The GH5 is expected to get a firmware update this summer to support 400Mbps internal recording. NewsShooter explores what memory cards you'll need to make it work.
Microsoft's new Surface Pro offers Intel's latest processor generation and improved battery life.
Riding a mountain bike downhill is dangerous enough in daylight, but potentially lethal at night. Which is where drones come in.
Rumors abound that Canon (and maybe Nikon) may produce a mirrorless camera based using their existing DSLR mount. Does this guarantee immediate great lens choice or a perpetually second-rate experience? Read more
According to rumors, the next camera from Nest will be able to capture 4K video, though that resolution will be only used for 'virtual' pan and tilt functions.
Boundary's Prima 'fully modular' backpack is expandable to 30L and has a removable camera case and tablet sleeve. Early Kickstarter backers can get one for $189.
Stanley Greene captured 'brutally honest' photographs in the war zones of the Middle East, Chechnya and Georgia. He was also one of the few African-American photographers working internationally.
Owners of Leica M cameras that suffer from peeling CCDs will be able to claim a free repair in the future so long as the camera was purchased within five years of the fault becoming apparent, the company has announced. Read more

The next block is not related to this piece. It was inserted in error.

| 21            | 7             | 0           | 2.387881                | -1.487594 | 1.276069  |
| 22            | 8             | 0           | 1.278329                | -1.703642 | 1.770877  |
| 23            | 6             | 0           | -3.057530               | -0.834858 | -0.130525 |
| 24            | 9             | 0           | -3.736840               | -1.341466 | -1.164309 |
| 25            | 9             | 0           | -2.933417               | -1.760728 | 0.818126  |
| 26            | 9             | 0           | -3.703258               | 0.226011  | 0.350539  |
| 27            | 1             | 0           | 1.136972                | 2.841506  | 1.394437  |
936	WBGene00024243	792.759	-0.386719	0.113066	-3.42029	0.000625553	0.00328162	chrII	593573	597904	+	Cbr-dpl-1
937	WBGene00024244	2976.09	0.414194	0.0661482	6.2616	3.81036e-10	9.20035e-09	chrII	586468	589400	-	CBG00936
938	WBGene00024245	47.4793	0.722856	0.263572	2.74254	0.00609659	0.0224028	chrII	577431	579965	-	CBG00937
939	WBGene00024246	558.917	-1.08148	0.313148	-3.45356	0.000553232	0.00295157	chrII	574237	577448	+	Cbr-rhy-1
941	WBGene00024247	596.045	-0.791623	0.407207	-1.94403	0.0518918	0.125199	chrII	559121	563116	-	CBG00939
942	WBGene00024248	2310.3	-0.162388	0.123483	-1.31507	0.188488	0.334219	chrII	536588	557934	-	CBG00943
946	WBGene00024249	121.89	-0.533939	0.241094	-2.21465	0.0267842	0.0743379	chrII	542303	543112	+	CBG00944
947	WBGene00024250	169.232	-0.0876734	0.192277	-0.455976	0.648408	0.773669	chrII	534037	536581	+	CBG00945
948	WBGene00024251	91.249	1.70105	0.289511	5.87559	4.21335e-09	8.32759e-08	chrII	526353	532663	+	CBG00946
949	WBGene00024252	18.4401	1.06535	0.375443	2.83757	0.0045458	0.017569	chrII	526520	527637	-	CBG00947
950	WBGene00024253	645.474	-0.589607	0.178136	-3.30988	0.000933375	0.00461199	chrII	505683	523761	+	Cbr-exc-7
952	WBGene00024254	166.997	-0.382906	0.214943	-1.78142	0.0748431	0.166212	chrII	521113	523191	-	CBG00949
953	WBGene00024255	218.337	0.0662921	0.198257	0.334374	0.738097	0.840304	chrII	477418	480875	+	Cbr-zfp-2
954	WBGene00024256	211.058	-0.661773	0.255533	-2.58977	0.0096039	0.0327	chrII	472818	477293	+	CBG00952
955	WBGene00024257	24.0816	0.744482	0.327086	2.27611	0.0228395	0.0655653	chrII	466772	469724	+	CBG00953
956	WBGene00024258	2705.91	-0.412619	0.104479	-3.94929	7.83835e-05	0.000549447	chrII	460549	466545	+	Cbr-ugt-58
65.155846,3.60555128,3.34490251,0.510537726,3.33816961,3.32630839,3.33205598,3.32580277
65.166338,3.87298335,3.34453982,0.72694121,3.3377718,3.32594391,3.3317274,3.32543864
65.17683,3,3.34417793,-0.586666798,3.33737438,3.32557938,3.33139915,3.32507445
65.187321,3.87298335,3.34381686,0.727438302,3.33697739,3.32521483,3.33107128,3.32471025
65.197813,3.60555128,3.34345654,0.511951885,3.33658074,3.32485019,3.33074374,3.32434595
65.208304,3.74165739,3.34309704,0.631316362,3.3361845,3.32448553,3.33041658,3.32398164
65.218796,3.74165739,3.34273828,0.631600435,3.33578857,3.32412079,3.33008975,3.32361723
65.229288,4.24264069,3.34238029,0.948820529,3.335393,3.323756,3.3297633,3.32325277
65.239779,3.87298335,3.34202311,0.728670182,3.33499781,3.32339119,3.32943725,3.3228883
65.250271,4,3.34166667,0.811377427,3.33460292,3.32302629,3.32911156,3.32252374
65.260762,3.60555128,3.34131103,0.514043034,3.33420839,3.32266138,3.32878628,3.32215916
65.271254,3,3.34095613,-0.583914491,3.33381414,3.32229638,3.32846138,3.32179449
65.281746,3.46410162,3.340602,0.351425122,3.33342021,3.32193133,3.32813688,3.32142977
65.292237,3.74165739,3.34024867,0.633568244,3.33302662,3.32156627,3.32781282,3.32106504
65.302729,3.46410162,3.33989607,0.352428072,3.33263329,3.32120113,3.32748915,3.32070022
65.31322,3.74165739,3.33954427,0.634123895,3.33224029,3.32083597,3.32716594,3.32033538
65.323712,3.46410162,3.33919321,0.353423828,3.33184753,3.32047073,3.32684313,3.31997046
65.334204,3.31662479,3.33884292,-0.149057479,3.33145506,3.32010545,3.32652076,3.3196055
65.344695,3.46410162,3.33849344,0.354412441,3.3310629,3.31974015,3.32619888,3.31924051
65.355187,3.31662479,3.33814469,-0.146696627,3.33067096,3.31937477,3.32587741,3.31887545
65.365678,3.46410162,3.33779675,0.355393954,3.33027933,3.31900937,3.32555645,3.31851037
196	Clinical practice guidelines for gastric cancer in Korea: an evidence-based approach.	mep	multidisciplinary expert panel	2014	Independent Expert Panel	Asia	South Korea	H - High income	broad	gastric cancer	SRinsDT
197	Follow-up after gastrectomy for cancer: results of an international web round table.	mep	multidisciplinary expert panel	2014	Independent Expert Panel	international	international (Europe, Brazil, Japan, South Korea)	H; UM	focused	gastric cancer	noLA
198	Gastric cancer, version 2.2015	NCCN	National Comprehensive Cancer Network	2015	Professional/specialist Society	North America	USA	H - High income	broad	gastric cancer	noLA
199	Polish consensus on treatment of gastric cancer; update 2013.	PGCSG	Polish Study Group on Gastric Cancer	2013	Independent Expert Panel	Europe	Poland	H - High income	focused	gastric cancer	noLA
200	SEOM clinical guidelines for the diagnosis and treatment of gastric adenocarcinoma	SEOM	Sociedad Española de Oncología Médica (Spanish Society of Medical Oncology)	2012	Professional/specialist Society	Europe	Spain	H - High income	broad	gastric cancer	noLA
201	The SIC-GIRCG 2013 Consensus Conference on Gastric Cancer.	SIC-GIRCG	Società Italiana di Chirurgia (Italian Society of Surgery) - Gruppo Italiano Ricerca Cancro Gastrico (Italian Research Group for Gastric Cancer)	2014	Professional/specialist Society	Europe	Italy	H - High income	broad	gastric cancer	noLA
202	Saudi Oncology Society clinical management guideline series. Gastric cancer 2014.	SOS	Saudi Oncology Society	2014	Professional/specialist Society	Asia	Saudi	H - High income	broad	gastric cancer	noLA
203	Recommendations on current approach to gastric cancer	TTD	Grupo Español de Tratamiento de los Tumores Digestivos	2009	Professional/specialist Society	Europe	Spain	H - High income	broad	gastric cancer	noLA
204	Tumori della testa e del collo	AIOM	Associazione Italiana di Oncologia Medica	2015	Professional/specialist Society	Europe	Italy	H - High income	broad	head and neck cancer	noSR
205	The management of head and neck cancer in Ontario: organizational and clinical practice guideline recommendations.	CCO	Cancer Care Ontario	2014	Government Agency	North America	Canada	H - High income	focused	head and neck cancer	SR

The Carl Zeiss Jena BIOTAR 75mm F1.5 Red T lens is very rare and priced accordingly. It can be yours today for the low, low price of $15,000.
The MIT’s Computer Science and Artificial Intelligence Laboratory (CSAIL) has developed a drone that does not require any human control for recording tracking shots. Read more
In this terrifying video, Iraqi journalist Ammar Alwaely narrowly misses a sniper's bullet, which takes out his chest-mounted GoPro. Warning: strong language. Watch the video
A new report expects action camera growth to increase about 15% by 2021, with Ultra HD cameras driving demand. Read more
Profiles for Adobe Photoshop and Lightroom have been released for Irix's ultra-wide 11mm and 15mm primes. Like all profiles, these correct for distortion and vignetting.
An upcoming firmware update from DJI will cripple its drones unless they are 'activated' on the company's website. Live streaming will be turned off and flight radius/altitude will be limited.